The Pembina Institute conducted similar research when it examined the pollution-saving claims of the former Pacific NorthWest LNG project. The think tank concluded that LNG from B.C. “would not only compete with carbon-intensive fossil fuels such as coal, but also with low- and zero-emitting sources of energy, including nuclear, hydro, solar, and wind.”
The most “likely scenario,” it found, is that B.C. LNG will actually “displace clean and renewable forms of electricity, resulting in a significant increase to global greenhouse gas emissions.”
LNG Canada did not return a request for comment as to why its advertorial does not disclose Seeley’s status, background, or “sensitivities.”
The ‘bridge to nowhere’
It is also not clear what the global gas market will look like down the road. Thanks in part to the fracking boom, the world is currently awash in cheap natural gas — so cheap that, in some places like the Permian basin in Texas, gas prices have fallen to negative numbers, meaning producers are paying others to take it off their hands. They are also flaring, or burning it off, at record levels.
Seeley acknowledged the difficulty of predicting gas demand. “Actual global greenhouse gas reductions from the sale of B.C. LNG to China would depend on the end use of the gas and what it will displace or replace,” he noted.
Over the past two years, he said, China has largely used LNG for industrial heat and for residential areas, as opposed to swapping it in to coal power plants, but this would still deliver 40 per cent lower emissions on a lifecycle basis.
In the end, Stewart argued, the issue boils down to corporations attempting to lock in fossil fuel emissions for decades by building large pieces of energy infrastructure, regardless of how much LNG might actually be in demand.
“Increasingly we’re seeing renewables coming in so cheap that if you’re investing in natural gas, you’re kind of blocking out renewables,” he said. “From Greenpeace’s perspective, we need to get off fossil fuels, and LNG is a bridge to nowhere.” SOURCE
Prime Minister Justin Trudeau responds to a question during Question Period in the House of Commons on Wednesday, February 26, 2020 in Ottawa. File photo by The Canadian Press/Adrian Wyld
Prime Minister Justin Trudeau says he knows people are impatient for a resolution to tensions involving a disputed natural gas pipeline in northern British Columbia, but time is needed to respect the traditions of the Wet’suwet’en people.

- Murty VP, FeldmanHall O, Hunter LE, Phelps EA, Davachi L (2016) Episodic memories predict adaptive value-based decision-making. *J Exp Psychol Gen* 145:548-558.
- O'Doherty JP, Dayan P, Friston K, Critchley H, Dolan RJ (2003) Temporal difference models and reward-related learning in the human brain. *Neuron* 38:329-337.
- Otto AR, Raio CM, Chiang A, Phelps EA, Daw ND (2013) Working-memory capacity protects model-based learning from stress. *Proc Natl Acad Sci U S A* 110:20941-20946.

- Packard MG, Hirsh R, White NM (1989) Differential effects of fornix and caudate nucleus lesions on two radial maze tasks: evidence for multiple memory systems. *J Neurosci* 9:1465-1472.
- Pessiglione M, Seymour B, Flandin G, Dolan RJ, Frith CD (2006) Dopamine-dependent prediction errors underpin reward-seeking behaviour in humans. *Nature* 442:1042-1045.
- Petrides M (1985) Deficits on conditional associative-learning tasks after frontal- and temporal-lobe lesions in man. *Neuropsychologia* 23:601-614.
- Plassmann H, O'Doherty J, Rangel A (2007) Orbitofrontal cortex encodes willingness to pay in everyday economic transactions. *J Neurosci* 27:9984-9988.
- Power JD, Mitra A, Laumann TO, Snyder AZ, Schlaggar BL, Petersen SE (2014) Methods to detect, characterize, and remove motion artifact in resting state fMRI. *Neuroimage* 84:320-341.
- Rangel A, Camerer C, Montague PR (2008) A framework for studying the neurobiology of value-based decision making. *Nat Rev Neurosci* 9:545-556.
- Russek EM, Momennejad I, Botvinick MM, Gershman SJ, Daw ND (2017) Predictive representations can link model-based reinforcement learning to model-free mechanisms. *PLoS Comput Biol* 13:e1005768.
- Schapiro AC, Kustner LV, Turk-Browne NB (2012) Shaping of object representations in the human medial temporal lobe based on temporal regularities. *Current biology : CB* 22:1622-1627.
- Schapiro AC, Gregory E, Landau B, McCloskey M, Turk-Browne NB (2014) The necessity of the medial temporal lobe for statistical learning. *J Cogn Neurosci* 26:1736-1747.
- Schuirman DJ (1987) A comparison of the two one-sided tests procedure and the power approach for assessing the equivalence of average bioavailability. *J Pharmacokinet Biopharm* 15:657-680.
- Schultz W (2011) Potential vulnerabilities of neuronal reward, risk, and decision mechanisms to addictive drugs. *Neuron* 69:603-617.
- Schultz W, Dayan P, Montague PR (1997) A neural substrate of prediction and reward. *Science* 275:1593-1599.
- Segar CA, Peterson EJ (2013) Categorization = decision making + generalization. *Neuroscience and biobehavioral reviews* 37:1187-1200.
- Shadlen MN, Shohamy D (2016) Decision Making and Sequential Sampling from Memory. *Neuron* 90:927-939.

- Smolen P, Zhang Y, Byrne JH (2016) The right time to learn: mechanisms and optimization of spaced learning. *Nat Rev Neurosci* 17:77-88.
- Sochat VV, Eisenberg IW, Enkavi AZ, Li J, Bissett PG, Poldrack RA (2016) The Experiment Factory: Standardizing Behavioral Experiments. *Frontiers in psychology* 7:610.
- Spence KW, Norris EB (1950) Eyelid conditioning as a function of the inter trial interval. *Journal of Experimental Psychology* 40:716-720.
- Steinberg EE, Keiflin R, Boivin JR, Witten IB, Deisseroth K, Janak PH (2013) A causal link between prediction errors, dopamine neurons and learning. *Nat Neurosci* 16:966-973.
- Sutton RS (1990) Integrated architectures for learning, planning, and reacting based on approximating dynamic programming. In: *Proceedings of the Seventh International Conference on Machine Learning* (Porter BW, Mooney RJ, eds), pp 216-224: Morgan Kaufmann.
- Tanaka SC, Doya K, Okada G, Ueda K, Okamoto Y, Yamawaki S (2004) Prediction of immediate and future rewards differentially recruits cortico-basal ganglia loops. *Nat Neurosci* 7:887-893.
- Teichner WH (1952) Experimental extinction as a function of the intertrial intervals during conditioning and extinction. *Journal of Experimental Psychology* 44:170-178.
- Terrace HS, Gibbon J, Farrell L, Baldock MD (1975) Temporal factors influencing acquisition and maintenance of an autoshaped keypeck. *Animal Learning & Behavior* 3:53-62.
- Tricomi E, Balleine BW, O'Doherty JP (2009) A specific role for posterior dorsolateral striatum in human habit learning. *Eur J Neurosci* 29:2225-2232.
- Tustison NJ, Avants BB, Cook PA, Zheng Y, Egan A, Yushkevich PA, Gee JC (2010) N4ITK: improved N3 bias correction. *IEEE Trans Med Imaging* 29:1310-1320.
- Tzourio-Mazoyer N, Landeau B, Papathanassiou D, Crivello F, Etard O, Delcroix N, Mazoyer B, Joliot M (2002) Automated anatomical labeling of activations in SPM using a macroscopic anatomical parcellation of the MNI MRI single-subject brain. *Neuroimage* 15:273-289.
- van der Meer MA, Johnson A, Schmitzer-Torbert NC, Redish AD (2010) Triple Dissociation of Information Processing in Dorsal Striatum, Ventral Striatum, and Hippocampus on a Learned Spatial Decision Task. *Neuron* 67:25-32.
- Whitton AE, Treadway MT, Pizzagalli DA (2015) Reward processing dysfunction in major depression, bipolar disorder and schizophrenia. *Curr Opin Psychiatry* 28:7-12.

“It is not an easy process. It is a process we are all impatient with that needs to move forward, but we need to remain positive because the only path forward for our country is for all of us to work together and that is what we’re going to stay focused on doing.”
Trudeau says his government is respecting this process, and will not discuss details of the agreement until the Wet’suwet’en “have an opportunity to share it and discuss it internally,” he said.
But the prime minister also sidestepped a question about how the deal will affect the pipeline project.
All parties have made it clear the agreement touches only land and title rights generally. The natural gas pipeline itself remains in dispute.
Five Wet’suwet’en elected chiefs from councils that support the pipeline released a statement saying they are pleased that progress was made in the talks with the provincial and federal governments but they said the agreement was reached without input from all the Wet’suwet’en communities.
The statement said they “envision” the elected chiefs and council of the various Wet’suwet’en communities will be included in a review of the deal.
“We need to be engaged in our feast hall, in our respective communities to ensure all of our clan members are heard and acknowledged,” it said.
The hereditary chiefs could not be reached for comment on Tuesday.
B.C. Premier John Horgan said Monday the pipeline project will go ahead.
“This project is underway. It has been approved and ratified. It’s going to be completed,” Horgan told the B.C. legislature Monday.
He noted the tentative agreement with the Wet’suwet’en chiefs is “forward looking,” dealing with their role in future discussions of land rights.
“There was not, at any time, any objective to go in and convince people to have a different point of view. We had a frank discussion. There was disagreement. The project will proceed. Dissent is appropriate. Unlawful dissent is not,” Horgan said.